Urgent warning as cases of Victorian disease on the rise in Scotland

A VICTORIAN disease has made a return among Scottish adults amid the cost of living crisis.

Cases of rickets, a result of malnutrition, are now 700 per cent more common in Scotland than in England.

Adult cases of rickets are now 700 per cent higher in Scotland than in England


Adult cases of rickets are now 700 per cent higher in Scotland than in EnglandPhoto credit: Getty
Victorian disease was once eradicated in Britain and is on the rise


Victorian disease was once eradicated in Britain and is on the risePhoto credit: Getty
In rickets, a vitamin D deficiency causes softening of the bones


In rickets, a vitamin D deficiency causes softening of the bonesPhoto credit: Getty

And most cases live in Glasgow and the wider Lanarkshire area.

Dubbed the “disease of poverty” by health experts, rickets is caused by a lack of vitamin D, found in a balanced diet or from exposure to sunlight.

It can cause bones to soften, resulting in bone pain — or skeletal deformities, such as a fracture. B. O-legs or knock-knees.

A freedom of information request from The Sunday Times showed that in 2022 in Scotland – a population of 5.45 million – a total of 442 cases of rickets were recorded.

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In comparison, across England, with a population of 66 million, there were 482 cases.

Data from 13 of Scotland’s 14 health authorities showed a 33 per cent rise in cases over the past five years, from 354 in 2018 to 442 in 2022.

Most rickets victims were recorded by NHS Greater Glasgow and Clyde with 356 cases.

83 cases were recorded by NHS Lanarkshire and three more by NHS Forth Valley.

The return of Victorian diseases such as rickets, measurement and tuberculosis is raising concerns about the impact of poor diet, poverty and the cost of living crisis on Scots’ health.

dr Chris Williams, co-chair of the Royal College of General Practitioners Scotland, said: “Universally preventable conditions like these indicate that Scotland has the lowest life expectancy in the UK, while other environmental factors such as a colder climate may also contribute to the results.” .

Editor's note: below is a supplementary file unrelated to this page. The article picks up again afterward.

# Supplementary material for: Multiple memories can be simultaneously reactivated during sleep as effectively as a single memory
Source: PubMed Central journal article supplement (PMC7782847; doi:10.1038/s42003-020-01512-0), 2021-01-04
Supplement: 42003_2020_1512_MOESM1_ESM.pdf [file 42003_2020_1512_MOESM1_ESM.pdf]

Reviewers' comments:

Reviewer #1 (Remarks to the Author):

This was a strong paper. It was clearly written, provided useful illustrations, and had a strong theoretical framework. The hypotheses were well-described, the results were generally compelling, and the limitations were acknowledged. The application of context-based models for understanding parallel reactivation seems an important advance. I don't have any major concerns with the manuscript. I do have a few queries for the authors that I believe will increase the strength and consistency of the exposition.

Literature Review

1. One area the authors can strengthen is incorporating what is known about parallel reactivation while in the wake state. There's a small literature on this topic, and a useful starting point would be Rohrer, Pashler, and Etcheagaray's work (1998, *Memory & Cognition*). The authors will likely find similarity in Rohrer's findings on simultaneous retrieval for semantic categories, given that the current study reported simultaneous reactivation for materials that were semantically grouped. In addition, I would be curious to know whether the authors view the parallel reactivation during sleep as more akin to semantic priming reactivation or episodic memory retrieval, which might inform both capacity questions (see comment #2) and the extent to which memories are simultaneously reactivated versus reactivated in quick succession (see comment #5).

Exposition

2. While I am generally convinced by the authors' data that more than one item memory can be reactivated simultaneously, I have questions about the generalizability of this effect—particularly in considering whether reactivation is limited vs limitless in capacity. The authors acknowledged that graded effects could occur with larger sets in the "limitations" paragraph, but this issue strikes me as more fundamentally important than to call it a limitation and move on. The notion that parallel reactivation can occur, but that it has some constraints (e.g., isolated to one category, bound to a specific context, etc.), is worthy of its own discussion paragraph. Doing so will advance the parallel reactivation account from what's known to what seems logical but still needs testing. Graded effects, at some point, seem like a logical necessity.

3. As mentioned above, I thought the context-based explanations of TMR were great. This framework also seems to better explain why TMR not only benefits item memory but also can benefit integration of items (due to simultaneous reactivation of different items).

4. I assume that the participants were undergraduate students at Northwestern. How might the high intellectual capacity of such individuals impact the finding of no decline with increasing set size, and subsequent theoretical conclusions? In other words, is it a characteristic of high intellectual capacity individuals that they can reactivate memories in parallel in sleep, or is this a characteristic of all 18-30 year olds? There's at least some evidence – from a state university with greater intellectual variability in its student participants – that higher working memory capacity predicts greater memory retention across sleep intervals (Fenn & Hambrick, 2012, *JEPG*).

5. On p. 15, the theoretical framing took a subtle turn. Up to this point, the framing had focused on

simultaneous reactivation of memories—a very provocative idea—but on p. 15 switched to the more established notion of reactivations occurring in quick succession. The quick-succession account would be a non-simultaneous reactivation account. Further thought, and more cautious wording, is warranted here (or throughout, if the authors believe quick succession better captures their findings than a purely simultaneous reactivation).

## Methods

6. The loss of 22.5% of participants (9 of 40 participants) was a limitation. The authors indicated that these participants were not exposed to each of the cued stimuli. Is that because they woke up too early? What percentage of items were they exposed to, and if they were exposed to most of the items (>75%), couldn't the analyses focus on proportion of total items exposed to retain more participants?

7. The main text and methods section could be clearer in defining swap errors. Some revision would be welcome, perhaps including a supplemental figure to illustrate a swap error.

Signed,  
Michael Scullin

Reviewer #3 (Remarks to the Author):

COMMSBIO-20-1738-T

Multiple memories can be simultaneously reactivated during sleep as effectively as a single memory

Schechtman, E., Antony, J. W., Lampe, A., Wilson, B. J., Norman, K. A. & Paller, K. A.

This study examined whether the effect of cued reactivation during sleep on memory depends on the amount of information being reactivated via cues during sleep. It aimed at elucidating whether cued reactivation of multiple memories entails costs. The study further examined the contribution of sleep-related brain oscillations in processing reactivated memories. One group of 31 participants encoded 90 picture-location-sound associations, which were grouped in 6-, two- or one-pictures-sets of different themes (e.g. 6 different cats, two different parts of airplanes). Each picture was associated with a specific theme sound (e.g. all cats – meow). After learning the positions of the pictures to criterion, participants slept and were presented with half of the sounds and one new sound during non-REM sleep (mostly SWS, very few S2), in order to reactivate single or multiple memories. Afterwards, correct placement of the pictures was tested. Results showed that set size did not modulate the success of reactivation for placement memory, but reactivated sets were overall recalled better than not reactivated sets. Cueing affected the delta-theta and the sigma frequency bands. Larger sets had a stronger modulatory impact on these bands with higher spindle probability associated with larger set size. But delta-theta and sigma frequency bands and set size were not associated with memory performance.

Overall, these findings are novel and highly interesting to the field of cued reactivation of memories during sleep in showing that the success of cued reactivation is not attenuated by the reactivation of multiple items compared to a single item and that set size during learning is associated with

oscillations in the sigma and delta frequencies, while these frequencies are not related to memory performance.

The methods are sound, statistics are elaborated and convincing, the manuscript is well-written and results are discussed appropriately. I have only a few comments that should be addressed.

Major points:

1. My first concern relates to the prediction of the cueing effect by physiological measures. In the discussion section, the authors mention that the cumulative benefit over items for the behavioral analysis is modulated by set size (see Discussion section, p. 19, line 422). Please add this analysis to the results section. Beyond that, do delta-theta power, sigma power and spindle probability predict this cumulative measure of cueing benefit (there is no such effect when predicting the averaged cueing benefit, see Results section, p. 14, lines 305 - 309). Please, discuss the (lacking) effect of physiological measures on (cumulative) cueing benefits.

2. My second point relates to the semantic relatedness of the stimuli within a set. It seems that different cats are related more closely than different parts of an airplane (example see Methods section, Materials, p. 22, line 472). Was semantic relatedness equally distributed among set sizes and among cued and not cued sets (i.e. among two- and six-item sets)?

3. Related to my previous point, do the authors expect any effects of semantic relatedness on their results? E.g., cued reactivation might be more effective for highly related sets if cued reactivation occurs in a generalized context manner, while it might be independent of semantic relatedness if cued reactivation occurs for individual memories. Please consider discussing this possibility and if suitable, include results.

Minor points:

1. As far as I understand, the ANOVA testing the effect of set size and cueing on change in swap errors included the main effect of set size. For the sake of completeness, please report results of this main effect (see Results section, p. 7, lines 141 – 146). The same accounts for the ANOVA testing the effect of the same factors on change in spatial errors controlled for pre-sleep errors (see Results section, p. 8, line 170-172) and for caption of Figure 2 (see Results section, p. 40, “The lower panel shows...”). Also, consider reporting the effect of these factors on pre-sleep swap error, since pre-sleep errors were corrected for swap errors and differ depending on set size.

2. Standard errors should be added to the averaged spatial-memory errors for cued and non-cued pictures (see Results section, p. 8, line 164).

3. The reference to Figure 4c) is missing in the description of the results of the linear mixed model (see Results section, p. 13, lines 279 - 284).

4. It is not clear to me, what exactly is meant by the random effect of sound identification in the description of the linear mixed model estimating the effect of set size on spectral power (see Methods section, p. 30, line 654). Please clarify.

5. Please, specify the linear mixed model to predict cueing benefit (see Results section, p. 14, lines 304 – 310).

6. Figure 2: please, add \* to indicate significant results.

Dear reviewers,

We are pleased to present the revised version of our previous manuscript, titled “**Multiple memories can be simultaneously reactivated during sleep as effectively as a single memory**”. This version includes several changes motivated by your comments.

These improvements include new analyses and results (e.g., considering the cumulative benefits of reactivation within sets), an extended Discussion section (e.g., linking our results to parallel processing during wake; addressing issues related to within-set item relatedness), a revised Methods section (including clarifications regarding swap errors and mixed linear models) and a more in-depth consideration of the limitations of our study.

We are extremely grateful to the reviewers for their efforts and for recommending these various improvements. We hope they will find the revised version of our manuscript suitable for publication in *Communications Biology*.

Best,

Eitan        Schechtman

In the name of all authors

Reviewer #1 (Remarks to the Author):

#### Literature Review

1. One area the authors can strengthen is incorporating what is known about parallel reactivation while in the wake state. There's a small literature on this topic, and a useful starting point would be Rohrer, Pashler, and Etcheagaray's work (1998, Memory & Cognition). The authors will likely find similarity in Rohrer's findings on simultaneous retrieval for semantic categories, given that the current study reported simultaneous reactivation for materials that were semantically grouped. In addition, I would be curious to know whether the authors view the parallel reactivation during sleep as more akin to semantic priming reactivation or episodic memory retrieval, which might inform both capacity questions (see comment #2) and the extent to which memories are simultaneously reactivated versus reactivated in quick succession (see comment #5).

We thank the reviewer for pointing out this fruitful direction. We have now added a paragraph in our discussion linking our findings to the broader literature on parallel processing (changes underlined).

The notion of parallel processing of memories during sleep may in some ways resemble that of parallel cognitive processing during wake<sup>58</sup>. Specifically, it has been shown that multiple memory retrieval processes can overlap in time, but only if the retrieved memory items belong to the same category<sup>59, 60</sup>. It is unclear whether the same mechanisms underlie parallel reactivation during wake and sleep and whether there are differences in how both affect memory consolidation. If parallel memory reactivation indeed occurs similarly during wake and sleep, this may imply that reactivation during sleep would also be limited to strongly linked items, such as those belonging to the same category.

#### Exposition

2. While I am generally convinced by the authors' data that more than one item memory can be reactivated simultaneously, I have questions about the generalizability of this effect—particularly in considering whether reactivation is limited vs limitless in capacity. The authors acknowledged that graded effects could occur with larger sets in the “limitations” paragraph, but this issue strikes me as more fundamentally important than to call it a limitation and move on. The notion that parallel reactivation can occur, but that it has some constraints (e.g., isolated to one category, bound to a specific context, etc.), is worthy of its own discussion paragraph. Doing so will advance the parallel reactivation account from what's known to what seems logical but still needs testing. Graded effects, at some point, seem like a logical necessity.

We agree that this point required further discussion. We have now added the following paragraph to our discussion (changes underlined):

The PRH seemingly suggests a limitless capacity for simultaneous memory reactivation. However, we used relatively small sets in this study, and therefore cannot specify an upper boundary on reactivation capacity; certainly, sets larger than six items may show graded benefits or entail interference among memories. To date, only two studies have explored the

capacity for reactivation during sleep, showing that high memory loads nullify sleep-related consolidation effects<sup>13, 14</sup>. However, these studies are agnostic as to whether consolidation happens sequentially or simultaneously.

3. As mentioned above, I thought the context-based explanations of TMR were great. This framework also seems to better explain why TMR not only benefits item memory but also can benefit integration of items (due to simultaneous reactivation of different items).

“More needs to be done as a society to protect low-income people from products that are low in nutritional value or that risk leading to malnutrition if used in place of healthier alternatives.”

“Vulnerable individuals and communities who do not have adequate access to fresh, nutritious food because of affordability or supply issues are at increased risk of suffering from scurvy or rickets due to inadequate nutrition.”

Rickets largely disappeared about fifty years ago as people tried to improve the country’s diet and encourage sun exposure.

The Scottish Conservatives’ shadow health minister, Dr. Sandesh Gulhane said Scots should be “deeply disturbed” as historic diseases from a “bygone era” are more prevalent here than anywhere else in the UK.

He added: “It is shocking that today we see patients being hospitalized with malnutrition while children are suffering from rickets.”

Jackie Baillie, Scottish Labor Party health spokesperson, said it was “just shocking that preventable diseases are on the rise”.

A Scottish Government spokesman said: “Increasing healthy life expectancy and reducing health inequalities across Scotland remains a clear objective of this Government.”

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“We want everyone in Scotland to be well fed and at a healthy weight. However, we know that people living in poverty have poorer health.

“That’s why the main goal of our 2018 Diet and Weight Gain Plan is to make it easier for everyone to eat healthily and maintain a healthy weight. This includes reducing malnutrition.”

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Russell Falcon

Russell Falcon is a USTimesPost U.S. News Reporter based in London. His focus is on U.S. politics and the environment. He has covered climate change extensively, as well as healthcare and crime. Russell Falcon joined USTimesPost in 2023 from the Daily Express and previously worked for Chemist and Druggist and the Jewish Chronicle. He is a graduate of Cambridge University. Languages: English. You can get in touch with me by emailing russellfalcon@ustimespost.com.

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